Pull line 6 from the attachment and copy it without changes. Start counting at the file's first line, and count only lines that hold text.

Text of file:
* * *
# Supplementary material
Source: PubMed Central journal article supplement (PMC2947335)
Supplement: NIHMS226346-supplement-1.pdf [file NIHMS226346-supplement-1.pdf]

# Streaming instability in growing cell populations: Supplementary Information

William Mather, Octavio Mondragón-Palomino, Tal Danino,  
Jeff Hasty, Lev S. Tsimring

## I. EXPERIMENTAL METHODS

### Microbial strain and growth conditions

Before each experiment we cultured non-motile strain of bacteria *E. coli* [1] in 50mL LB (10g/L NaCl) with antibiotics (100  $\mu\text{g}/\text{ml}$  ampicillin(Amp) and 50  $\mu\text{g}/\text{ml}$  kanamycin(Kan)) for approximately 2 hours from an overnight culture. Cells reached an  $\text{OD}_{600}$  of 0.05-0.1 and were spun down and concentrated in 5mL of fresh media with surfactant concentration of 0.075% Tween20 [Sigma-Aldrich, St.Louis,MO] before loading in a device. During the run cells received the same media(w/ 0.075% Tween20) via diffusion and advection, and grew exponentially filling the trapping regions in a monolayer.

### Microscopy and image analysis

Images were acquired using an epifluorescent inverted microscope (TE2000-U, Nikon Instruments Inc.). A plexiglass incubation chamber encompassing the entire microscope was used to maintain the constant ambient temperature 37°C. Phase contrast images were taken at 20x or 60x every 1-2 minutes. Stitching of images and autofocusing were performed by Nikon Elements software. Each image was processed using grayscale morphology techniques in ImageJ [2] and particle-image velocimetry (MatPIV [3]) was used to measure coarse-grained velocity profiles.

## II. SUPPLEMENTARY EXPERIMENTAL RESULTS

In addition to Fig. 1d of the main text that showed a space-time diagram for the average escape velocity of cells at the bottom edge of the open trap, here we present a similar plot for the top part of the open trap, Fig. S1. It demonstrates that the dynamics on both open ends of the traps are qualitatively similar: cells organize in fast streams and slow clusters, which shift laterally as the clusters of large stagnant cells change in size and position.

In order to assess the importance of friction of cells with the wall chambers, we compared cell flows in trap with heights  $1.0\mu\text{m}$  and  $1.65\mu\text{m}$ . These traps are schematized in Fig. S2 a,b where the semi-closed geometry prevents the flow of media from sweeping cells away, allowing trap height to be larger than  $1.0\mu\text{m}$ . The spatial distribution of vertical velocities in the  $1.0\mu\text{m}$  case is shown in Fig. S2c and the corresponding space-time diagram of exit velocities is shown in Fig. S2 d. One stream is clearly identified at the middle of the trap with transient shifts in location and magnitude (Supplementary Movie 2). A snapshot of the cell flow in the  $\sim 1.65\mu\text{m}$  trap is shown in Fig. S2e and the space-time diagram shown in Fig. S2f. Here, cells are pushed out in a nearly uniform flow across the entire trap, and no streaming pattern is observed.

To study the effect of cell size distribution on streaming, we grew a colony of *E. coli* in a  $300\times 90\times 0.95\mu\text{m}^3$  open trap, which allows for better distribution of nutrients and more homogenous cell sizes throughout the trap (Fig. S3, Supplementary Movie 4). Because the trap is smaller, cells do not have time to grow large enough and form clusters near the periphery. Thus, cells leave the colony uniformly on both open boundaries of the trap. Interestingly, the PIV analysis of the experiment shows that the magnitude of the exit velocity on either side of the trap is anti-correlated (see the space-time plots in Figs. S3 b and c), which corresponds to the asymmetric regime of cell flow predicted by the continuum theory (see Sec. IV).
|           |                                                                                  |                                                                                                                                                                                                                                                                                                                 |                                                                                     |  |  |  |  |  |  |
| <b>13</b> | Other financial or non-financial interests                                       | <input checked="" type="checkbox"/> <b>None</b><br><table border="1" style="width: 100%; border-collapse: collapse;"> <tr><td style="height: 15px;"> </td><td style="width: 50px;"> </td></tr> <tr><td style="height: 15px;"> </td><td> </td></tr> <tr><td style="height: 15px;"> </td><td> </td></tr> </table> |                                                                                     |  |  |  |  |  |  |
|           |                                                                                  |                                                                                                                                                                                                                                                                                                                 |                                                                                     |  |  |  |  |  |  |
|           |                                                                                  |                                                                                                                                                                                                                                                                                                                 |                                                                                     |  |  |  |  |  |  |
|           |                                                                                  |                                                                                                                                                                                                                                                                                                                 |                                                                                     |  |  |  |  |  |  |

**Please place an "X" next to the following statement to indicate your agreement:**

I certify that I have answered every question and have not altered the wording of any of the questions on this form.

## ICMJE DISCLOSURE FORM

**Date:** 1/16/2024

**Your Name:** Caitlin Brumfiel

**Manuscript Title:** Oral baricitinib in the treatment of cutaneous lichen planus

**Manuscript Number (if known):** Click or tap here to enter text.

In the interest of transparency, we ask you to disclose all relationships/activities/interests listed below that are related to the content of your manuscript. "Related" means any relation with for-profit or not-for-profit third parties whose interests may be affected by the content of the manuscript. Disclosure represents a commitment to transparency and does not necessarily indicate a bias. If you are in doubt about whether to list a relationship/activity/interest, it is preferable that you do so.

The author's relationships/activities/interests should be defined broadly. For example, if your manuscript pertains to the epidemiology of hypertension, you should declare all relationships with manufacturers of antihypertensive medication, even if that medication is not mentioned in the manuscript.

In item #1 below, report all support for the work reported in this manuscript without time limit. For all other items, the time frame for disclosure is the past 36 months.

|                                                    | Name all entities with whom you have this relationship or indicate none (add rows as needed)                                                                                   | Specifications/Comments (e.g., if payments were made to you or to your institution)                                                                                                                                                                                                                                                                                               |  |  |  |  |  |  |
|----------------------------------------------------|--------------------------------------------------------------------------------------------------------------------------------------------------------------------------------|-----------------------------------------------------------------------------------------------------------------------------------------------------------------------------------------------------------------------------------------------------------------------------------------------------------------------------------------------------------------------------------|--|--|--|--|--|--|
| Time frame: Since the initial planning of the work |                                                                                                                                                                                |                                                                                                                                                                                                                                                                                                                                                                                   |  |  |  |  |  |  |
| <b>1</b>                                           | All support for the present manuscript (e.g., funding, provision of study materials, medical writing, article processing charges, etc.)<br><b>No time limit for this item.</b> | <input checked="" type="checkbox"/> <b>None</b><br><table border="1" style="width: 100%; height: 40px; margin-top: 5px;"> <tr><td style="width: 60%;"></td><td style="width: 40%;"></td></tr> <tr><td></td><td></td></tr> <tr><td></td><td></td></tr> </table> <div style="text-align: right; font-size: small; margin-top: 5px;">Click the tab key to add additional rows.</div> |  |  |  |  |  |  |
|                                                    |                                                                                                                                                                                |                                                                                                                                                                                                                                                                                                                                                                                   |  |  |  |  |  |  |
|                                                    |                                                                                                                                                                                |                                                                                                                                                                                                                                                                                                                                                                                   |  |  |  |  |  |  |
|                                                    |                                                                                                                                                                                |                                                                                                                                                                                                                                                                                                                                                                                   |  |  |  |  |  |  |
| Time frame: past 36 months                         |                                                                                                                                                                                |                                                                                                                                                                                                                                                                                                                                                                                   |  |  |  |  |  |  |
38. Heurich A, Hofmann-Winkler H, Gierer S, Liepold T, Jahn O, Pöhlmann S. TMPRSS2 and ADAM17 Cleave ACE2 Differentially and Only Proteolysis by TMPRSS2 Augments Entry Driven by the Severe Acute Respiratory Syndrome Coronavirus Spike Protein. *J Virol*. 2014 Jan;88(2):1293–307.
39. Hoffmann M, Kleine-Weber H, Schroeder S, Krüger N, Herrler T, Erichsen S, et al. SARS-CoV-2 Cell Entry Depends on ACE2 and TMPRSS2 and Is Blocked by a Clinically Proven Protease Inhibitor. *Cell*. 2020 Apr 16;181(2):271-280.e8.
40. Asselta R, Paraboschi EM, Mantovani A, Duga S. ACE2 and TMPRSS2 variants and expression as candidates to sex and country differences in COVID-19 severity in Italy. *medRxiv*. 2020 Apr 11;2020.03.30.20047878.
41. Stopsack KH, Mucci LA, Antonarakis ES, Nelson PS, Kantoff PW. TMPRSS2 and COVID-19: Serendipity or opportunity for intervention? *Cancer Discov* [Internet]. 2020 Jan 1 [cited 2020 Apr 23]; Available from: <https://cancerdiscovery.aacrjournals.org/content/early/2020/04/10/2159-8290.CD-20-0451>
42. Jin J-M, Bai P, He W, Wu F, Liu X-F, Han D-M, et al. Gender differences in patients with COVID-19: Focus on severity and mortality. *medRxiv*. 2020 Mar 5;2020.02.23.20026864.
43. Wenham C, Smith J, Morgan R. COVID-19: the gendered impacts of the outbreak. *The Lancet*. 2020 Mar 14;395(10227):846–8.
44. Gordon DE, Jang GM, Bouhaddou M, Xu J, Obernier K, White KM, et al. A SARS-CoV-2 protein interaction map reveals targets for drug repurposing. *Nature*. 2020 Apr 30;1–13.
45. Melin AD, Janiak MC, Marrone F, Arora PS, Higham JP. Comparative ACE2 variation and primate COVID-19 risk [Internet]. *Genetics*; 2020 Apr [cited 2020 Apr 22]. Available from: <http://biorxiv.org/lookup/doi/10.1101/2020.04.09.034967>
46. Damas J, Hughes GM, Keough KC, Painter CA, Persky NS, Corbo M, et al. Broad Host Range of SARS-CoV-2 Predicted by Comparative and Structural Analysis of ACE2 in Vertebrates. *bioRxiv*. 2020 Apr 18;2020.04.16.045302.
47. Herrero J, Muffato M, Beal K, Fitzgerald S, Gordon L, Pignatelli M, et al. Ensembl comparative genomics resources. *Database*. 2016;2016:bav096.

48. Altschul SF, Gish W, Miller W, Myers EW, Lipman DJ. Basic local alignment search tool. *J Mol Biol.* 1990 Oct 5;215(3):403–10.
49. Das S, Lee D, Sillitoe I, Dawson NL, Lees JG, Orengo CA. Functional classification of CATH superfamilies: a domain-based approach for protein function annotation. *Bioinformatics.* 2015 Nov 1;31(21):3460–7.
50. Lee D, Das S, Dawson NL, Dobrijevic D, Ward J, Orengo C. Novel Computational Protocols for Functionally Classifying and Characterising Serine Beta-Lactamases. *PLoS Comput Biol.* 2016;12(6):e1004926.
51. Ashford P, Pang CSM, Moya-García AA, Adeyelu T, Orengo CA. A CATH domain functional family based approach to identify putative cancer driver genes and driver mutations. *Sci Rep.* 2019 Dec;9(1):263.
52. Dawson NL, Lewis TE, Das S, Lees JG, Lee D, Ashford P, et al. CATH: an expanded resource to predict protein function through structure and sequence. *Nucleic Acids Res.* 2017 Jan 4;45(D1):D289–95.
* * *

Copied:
Jeff Hasty, Lev S. Tsimring